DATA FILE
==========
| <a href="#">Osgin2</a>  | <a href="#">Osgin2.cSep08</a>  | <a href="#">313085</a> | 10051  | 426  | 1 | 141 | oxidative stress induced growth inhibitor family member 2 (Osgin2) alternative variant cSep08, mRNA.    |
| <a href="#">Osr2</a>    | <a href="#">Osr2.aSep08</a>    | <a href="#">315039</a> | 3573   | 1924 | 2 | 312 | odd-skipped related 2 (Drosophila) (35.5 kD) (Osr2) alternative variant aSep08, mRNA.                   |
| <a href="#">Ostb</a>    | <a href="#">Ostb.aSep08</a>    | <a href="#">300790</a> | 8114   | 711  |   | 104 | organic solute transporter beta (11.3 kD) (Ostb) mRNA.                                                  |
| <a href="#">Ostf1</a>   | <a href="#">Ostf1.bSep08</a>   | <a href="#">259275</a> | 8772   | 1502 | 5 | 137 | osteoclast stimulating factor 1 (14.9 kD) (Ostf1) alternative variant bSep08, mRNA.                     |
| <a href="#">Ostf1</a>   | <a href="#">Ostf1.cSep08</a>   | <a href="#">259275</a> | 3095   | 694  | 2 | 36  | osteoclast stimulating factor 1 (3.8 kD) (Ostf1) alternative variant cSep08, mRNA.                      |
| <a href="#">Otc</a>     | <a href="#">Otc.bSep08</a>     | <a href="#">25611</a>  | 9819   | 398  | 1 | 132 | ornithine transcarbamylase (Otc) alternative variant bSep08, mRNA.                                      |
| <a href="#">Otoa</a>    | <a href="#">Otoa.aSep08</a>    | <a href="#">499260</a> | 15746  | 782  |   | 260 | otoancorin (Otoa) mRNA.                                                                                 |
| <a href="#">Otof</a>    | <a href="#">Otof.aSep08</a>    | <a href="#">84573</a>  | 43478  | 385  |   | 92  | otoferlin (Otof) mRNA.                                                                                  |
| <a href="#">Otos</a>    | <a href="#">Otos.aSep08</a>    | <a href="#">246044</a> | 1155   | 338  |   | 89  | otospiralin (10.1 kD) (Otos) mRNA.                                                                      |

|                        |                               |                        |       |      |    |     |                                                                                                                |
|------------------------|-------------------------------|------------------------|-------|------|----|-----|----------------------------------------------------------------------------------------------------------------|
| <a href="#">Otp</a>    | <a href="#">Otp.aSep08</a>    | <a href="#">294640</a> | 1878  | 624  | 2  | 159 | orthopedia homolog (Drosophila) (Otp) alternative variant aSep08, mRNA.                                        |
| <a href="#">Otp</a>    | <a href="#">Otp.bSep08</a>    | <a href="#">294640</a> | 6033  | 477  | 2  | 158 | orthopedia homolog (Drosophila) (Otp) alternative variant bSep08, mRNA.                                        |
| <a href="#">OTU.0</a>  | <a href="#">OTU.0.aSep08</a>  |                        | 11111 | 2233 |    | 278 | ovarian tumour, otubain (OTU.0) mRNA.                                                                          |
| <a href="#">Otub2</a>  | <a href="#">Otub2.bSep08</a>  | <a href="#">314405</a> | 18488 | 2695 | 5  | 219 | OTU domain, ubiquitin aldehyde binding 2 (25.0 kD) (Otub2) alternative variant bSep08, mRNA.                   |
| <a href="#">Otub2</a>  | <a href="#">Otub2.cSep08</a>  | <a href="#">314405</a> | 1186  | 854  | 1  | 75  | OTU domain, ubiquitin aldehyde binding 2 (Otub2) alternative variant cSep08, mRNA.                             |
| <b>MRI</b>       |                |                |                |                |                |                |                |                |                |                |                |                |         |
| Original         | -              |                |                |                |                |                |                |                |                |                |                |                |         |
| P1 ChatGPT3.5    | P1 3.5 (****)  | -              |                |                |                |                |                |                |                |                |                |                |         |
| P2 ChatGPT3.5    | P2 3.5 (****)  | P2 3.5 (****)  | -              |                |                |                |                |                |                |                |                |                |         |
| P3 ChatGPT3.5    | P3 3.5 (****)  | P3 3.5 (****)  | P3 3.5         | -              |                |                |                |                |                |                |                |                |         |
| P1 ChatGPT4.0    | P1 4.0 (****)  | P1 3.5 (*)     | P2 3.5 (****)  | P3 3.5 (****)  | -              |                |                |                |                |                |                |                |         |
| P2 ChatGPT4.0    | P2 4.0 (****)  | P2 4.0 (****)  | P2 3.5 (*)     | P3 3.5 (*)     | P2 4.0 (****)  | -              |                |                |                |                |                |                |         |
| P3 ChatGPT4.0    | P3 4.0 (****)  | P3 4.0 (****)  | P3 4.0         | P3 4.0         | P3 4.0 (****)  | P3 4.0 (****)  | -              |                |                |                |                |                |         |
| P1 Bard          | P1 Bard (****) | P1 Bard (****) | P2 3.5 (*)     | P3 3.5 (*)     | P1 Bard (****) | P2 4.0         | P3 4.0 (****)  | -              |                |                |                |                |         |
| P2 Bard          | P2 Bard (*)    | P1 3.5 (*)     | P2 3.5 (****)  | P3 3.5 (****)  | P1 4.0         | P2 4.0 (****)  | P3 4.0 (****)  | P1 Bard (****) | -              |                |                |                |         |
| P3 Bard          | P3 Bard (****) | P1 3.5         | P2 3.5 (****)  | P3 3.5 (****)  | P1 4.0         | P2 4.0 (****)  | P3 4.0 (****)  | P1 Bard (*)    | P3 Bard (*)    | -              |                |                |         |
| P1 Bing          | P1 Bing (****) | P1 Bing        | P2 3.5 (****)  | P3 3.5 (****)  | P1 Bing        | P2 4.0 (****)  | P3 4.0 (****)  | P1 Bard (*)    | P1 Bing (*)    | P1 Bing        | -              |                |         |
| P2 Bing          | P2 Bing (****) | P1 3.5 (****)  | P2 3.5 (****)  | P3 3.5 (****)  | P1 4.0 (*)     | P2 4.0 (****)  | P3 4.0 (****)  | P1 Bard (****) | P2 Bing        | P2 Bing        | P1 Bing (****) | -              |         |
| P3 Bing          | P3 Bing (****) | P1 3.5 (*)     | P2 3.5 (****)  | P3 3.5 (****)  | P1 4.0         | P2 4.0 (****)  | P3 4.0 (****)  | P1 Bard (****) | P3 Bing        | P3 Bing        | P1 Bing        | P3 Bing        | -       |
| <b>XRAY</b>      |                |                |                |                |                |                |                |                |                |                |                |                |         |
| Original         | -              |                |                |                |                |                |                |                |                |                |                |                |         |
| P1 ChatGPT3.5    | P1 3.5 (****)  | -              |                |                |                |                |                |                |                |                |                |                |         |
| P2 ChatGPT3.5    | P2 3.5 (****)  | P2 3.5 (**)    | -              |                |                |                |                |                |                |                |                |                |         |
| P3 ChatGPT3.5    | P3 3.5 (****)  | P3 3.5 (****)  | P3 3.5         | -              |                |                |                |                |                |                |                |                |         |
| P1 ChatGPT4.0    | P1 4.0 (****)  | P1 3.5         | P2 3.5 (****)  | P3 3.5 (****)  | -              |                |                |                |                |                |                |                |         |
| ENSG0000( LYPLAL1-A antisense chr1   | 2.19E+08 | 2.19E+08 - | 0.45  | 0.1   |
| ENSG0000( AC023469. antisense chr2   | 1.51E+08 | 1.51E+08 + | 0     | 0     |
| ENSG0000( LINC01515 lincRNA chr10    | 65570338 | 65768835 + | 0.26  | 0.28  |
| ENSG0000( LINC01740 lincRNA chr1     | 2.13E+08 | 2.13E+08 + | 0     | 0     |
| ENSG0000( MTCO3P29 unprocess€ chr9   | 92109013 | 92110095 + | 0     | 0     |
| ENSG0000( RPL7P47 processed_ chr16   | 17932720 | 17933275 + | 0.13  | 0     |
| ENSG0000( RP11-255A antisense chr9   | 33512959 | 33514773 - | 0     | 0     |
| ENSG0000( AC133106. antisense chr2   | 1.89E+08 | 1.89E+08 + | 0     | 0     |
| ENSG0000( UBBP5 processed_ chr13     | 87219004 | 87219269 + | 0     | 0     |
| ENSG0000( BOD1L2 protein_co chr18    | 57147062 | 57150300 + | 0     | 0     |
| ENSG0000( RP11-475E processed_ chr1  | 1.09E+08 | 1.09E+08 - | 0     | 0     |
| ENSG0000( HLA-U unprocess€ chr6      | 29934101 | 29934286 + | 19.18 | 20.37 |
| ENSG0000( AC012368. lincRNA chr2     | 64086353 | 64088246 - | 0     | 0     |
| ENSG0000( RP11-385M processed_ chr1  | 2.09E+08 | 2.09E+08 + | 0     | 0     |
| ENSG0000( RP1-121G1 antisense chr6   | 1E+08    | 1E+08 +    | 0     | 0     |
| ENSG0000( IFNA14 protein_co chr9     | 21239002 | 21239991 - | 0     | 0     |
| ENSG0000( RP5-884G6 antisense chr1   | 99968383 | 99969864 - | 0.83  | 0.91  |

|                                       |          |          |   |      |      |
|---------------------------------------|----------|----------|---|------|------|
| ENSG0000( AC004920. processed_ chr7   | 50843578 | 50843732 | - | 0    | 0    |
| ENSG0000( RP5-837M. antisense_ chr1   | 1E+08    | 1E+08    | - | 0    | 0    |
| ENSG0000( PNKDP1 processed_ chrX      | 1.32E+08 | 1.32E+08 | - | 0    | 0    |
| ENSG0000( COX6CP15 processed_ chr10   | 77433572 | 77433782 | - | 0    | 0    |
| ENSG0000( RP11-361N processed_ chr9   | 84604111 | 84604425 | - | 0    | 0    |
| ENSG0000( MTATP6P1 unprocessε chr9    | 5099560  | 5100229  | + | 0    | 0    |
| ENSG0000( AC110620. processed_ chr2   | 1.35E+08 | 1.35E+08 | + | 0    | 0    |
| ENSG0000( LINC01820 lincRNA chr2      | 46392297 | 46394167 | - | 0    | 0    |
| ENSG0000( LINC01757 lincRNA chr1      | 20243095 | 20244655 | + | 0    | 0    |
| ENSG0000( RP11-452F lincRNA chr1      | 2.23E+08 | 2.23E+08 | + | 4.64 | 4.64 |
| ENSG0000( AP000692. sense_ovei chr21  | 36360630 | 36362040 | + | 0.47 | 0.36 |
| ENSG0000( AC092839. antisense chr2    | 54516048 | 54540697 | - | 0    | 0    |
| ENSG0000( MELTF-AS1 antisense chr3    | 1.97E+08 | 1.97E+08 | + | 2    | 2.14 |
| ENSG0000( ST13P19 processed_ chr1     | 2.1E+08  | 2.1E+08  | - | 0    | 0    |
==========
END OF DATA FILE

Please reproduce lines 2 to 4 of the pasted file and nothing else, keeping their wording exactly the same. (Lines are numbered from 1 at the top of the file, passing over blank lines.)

| <a href="#">Osr2</a>    | <a href="#">Osr2.aSep08</a>    | <a href="#">315039</a> | 3573   | 1924 | 2 | 312 | odd-skipped related 2 (Drosophila) (35.5 kD) (Osr2) alternative variant aSep08, mRNA.                   |
| <a href="#">Ostb</a>    | <a href="#">Ostb.aSep08</a>    | <a href="#">300790</a> | 8114   | 711  |   | 104 | organic solute transporter beta (11.3 kD) (Ostb) mRNA.                                                  |
| <a href="#">Ostf1</a>   | <a href="#">Ostf1.bSep08</a>   | <a href="#">259275</a> | 8772   | 1502 | 5 | 137 | osteoclast stimulating factor 1 (14.9 kD) (Ostf1) alternative variant bSep08, mRNA.                     |